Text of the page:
7. Out of Darkness Will Come Light
After hours of navigating the narrow confines and dark canopy, the creek runs through the open wetland prairie. Suddenly it's all sunshine and blue skies overhead. The water clears up and you're floating past sandy banks, cattails, sunning turtles and what smells like a wild hog mud-rooting playground- or is it deer? Who cares- it's daylight!
If you've paddled the Run before, you know once you get tired of the enclosed canopy, it will get brighter. You also know something else....
8. There's Rapids in the Ocala National Forest!
Say what?! Yes! Just as you are lulled into a 'is that all there is' mentality, you hear the roar of water ahead- then the current gets faster, plunging you towards the churning white-water and down the rapids. Okay, so they aren't North Carolina rapids, but for being in the middle of the Ocala National Forest, they do just fine.
If you've paddled the Run before, you know to keep to the right going down the rapids. You also know there's a handy sand bank right at the bottom on the right to stop and empty any excess water from your craft, if need be.
9. You'll Have Mixed Feelings When You See the Highway 19 Bridge
When the takeout point- the bridge comes into sight, you feel relieved- 4-5 hours is a long time to be in a small craft. But the sound of the cars rumbling over the bridge may also give you pangs of sadness. After being so long immersed in the wildnerness with no sign of civilization, it's only natural to feeling out-of-sorts.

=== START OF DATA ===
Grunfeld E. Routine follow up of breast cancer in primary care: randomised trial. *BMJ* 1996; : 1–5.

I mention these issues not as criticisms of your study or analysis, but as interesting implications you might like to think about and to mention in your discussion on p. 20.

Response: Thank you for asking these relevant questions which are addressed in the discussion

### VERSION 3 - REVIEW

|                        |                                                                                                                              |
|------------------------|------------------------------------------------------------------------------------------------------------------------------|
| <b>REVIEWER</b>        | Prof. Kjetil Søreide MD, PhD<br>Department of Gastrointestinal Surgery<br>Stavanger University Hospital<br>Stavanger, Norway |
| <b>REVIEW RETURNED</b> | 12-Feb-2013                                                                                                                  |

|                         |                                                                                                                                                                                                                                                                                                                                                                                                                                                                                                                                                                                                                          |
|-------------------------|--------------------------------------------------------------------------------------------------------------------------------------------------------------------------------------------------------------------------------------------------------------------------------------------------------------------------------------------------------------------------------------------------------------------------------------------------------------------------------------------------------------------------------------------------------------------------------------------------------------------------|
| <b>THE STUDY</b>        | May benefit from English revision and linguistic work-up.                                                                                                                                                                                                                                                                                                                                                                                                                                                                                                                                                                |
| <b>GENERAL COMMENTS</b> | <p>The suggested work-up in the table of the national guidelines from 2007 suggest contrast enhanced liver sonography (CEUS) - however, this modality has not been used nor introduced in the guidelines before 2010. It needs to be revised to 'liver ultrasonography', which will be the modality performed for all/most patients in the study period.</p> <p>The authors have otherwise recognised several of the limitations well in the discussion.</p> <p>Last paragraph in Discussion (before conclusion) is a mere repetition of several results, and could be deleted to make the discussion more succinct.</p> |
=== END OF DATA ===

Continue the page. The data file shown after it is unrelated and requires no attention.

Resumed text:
However you are feeling, when you slide your kayak or canoe into the take out slip, you know you'll need someone to help you out. Can you say 'stiff legs'! And if you've tackled this trip before, you know there's a toilet up by the parking lot. It's certainly not the best smelling toilet- but it's a toilet!
10. You Won't Have Many Photos of Your Trip
You're taking a camera- heck a waterproof camera maybe, you say- of course you'll take lots of photos of this cool day out. If you've paddled the Run before, you know the moment you whip out your camera or phone for a shot, your kayak will go careening into a mangle of brush...every...single...time. It's the current. It's the turns in the creek. Eventually you give up and enjoy the journey.
Next time you'll tell yourself you'll mount a go-pro to your kayak and try to take pictures that way. Or you'll go-doubles and get a friend or partner to paddle on a tandam kayak or canoe. Maybe you will- maybe you won't. That's okay, you may not have snapped hundreds of photos, but you have made memories- and that's what counts in the long run (unless you're doing a photo feature for NatGeo or Paddle Life of course 😉
About the Author: Sally White first paddled Juniper Run as a teenager. She now returns for an annual kayak trip there with her teenage son. If you happen to see them- she's the one headed for the bushes, while trying to capture the perfect shot. Some adventurers never learn 🙂 Happy Paddling!